So, as for the points you brought up in the Diallo discussion, while I think they are totally valid (it's hard to blame him for his lack of production), the reality is that he didn't produce anything. I'm pretty big on using recent sample data in projecting players. For Diallo, we really don't have any. We're going off ~200 minutes in college, and any other (now) outdated film. He's for sure a valid pick at 32, I wouldn't be mad. But he's a project and his floor, based on the evidence we have, is lower than Onuaku's, while I don't think his ceiling is THAT much higher. That's the great thing about Chinanu. He's really young for his class (in fact, he's the 14th youngest prospect in the DX top-50 and is younger than many star freshman), but he's shown decent production, where you can reasonably project a floor on him.

As for Zimmerman, he is a completely fine option, and in fact, if Onuaku is off the board, he'd be my #1 option in all likelihood (maybe if he went to UCLA instead of UNLV, he would've already been higher than Onuaku....I kid). He has the potential to stretch the floor, and be a decent plus on the defensive side. You really can't ask for much more from your center. And while I know "toughness", "soft", etc are thrown around WAY too often, I do think it does matter when building a team. You look at the Warriors and Bogut, he is their "enforcer". You don't want to get guys who are too similar, or else you risk building a certain weakness about your team.

The Lakers can certainly take a wing, and I'd be totally fine with that as well. In this day and age, having multiple guys who can play the 2 and 3 positions doesn't hurt (especially if they can guard 4s and/or 1s). You see it, not coincidentally, with the Warriors. Bembry would be a home run pick at 32, but I doubt he falls there. McCaw and Beasley are fine risks. Both are athletic enough and shot decent enough to warrant such a high selection in the 2nd round.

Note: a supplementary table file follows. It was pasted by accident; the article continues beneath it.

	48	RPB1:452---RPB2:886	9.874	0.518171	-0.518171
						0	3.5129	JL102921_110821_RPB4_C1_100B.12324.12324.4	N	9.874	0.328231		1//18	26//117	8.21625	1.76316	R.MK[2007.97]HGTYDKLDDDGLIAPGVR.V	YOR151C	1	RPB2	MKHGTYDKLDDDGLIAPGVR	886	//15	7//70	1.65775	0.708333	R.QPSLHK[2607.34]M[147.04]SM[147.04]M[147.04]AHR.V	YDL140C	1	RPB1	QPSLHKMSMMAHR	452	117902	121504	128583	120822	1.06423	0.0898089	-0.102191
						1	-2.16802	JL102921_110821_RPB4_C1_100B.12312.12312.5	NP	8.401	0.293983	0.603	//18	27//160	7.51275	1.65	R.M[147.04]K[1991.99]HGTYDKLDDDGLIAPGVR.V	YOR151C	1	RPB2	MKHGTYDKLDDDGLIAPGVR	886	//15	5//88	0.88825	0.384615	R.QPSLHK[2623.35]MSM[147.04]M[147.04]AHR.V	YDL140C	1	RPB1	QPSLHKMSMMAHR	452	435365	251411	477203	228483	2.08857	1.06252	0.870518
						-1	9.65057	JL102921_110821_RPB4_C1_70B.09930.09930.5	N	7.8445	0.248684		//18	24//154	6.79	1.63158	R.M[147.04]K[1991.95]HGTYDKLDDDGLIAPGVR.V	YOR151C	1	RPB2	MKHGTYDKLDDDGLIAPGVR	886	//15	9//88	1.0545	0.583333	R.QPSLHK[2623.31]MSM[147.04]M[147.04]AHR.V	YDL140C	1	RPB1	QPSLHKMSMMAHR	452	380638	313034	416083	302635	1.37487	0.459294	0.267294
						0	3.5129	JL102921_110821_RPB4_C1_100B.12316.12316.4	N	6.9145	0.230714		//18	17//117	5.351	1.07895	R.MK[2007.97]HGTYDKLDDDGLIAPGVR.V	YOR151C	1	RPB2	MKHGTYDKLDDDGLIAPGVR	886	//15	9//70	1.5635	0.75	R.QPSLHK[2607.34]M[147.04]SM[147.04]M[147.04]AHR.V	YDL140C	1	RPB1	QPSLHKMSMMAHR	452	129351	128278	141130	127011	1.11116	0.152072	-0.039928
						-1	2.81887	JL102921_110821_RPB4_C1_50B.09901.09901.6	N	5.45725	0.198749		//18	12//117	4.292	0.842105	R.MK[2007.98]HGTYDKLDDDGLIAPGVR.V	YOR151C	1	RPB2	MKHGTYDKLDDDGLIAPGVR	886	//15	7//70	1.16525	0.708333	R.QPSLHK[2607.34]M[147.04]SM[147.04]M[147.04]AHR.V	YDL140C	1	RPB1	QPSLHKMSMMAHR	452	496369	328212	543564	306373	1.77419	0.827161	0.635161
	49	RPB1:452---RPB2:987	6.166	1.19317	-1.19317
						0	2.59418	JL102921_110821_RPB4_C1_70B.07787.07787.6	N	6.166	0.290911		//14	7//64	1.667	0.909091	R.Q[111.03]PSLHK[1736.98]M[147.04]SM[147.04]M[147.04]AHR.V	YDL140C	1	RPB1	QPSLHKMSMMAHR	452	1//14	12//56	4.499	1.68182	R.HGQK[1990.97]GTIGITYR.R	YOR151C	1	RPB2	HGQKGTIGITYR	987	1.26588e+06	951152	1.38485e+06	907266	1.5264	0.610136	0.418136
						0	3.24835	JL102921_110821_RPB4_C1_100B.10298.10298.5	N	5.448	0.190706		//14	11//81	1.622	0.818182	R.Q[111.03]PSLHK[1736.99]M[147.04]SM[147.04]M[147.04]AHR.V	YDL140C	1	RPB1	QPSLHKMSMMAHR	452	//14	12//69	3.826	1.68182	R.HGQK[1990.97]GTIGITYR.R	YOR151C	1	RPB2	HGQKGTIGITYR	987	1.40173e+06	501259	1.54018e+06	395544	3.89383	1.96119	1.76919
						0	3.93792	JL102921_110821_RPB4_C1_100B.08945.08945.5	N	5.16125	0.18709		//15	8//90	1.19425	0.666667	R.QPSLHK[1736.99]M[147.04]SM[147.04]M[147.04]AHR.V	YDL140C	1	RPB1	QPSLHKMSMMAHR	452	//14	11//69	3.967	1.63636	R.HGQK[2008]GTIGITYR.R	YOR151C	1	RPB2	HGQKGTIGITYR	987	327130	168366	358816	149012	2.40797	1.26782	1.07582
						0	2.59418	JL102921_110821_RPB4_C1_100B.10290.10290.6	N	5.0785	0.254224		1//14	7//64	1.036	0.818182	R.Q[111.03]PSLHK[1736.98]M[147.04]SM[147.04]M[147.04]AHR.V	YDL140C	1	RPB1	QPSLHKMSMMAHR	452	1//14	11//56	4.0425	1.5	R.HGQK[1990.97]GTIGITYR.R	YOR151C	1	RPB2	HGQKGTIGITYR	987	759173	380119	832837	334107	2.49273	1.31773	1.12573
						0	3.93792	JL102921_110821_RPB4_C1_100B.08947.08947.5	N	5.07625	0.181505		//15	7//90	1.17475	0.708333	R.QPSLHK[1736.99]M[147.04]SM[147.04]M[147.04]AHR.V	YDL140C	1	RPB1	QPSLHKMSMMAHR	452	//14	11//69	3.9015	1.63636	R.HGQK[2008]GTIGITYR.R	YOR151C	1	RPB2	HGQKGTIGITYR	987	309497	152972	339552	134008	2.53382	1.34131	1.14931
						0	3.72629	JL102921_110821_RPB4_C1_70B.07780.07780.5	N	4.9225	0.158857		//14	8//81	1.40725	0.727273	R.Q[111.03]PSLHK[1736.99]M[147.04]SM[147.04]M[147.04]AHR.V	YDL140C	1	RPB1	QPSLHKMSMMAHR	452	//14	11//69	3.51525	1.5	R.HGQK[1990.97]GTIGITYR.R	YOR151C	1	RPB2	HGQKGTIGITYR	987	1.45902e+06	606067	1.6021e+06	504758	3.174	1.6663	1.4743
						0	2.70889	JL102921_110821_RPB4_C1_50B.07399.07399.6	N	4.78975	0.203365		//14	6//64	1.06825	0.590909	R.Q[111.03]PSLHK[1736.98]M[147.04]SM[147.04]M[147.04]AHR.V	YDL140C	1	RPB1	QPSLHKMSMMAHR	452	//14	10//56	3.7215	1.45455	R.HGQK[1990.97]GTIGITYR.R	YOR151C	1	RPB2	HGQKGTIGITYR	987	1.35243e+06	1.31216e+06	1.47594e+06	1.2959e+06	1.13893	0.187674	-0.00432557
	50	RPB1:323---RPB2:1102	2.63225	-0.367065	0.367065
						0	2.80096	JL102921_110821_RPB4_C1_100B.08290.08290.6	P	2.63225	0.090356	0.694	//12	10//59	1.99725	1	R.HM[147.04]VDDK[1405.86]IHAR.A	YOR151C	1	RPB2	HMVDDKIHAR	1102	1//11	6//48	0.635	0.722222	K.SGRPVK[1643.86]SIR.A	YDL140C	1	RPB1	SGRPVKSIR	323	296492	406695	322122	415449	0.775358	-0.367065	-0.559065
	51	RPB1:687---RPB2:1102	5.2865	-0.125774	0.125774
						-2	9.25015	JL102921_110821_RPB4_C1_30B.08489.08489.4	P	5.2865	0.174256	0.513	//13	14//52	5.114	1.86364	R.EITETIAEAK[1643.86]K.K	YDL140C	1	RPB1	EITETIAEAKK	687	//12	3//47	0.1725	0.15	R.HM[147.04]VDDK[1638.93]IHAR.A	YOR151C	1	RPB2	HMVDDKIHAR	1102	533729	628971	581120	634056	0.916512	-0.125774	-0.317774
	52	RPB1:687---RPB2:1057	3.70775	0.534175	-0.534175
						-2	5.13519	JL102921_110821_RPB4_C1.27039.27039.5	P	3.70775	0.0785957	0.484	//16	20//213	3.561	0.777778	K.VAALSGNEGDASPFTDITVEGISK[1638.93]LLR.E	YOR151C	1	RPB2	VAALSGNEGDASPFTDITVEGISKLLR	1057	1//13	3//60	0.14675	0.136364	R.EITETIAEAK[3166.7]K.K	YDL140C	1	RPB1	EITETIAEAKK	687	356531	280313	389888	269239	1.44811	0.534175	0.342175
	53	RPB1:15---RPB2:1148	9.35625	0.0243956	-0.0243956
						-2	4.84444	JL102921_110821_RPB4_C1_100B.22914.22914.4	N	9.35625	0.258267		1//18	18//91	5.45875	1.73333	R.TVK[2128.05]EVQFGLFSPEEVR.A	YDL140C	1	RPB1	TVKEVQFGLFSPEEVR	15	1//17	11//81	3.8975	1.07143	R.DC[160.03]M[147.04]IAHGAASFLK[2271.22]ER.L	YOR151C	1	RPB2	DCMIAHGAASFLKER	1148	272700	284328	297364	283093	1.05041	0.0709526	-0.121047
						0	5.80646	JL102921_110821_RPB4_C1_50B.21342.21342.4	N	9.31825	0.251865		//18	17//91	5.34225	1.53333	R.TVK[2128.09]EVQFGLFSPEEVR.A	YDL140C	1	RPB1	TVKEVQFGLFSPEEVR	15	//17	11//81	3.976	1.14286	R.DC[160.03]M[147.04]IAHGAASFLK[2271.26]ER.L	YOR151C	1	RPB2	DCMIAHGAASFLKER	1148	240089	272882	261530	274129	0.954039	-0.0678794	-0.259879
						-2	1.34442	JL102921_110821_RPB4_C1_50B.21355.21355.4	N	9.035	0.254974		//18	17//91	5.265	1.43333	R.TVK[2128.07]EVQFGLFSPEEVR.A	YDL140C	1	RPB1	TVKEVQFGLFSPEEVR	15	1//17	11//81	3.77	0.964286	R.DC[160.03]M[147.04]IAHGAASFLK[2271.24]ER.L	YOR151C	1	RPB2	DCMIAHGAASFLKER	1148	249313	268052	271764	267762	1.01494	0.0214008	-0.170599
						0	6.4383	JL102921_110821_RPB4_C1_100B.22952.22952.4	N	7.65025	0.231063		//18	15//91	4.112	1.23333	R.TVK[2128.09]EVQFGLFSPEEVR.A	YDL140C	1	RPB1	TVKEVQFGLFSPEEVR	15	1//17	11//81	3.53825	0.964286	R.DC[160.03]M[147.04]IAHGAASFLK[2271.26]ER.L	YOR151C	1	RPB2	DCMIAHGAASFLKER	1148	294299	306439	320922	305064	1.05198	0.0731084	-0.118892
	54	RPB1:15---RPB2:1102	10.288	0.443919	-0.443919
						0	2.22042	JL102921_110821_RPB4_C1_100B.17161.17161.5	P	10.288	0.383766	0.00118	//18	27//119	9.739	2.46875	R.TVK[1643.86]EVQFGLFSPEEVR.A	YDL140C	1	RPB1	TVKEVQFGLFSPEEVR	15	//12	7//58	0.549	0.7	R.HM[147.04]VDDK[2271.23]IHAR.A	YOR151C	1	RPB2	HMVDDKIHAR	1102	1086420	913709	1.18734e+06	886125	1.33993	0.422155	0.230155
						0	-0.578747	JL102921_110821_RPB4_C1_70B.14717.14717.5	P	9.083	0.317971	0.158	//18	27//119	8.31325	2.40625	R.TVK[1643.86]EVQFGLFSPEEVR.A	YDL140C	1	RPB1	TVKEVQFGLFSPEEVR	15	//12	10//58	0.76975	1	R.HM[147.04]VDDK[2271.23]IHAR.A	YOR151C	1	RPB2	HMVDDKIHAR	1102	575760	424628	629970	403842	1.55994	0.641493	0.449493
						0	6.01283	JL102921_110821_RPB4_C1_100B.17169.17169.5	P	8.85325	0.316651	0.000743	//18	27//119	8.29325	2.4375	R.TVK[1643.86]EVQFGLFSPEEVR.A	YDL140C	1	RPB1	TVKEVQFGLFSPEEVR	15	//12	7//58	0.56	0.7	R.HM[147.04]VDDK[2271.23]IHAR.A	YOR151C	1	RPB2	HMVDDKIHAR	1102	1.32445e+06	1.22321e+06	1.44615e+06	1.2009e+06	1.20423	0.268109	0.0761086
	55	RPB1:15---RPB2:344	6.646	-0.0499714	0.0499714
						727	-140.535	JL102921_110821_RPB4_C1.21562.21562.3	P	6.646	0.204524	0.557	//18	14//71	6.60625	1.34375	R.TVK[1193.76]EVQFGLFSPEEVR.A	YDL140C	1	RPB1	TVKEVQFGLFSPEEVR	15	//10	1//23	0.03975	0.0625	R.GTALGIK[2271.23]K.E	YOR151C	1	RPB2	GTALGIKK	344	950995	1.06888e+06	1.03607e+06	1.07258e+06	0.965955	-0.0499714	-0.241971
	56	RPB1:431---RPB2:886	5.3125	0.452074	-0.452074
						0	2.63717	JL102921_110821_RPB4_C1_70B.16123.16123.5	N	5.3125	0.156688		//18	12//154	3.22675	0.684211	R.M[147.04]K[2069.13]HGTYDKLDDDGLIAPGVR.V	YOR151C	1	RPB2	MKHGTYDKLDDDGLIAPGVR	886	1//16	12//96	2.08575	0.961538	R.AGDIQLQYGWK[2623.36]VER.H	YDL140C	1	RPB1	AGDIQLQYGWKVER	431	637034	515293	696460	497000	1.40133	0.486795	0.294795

On the subject matter of upside-vs-role players, I think it doesn't come into much play here because the former group of players you mentioned actually produced in college. And while I'll be fine with (see a trend here? LA is in a great position to pick a solid player at 32) Brogdon, Zipser, and even Payton II, I'd prefer they went a little more risky with the pick just because those guys' ages are really up there, with Zipser (who I strongly believe LA will take) being the youngest at 22 ½ on opening night.

And lastly, I'm still not a big fan of the draft-and-stash for two reasons. One, I want that player to grow with the team. And two, there are just so many good options available, to take a player, because you want to save more cap space or the roster spot (IF that is the reason of course), it just wouldn't be wise.

To finish off our discussion, with about a week left until the draft, who are your top 3 reasonable options and who do you think the Lakers actually go with? I'd rank mine (be prepared to be surprised) as Chinanu Onuaku, Stephen Zimmerman, and Malik Beasley. While I think the Los Angeles Lakers either go with AJ Hammons or Paul Zipser.

Ben: Woo boy, I have no idea how to read what the team will do. Save for not picking power forwards, we really have no good read what considerations might be guiding the front office at this time. They've hedged toward upperclassmen with relatively lower ceilings as of late, although you could argue that Jordan Clarkson and Larry Nance, Jr. were bigger upside plays than we give them credit for. This is also the same front office that picked up underclassmen Darius Morris, Javaris Crittenton, and Devin Ebanks, among others, so what conditions they view as appropriate for gambling on higher upside options or not is rather unclear.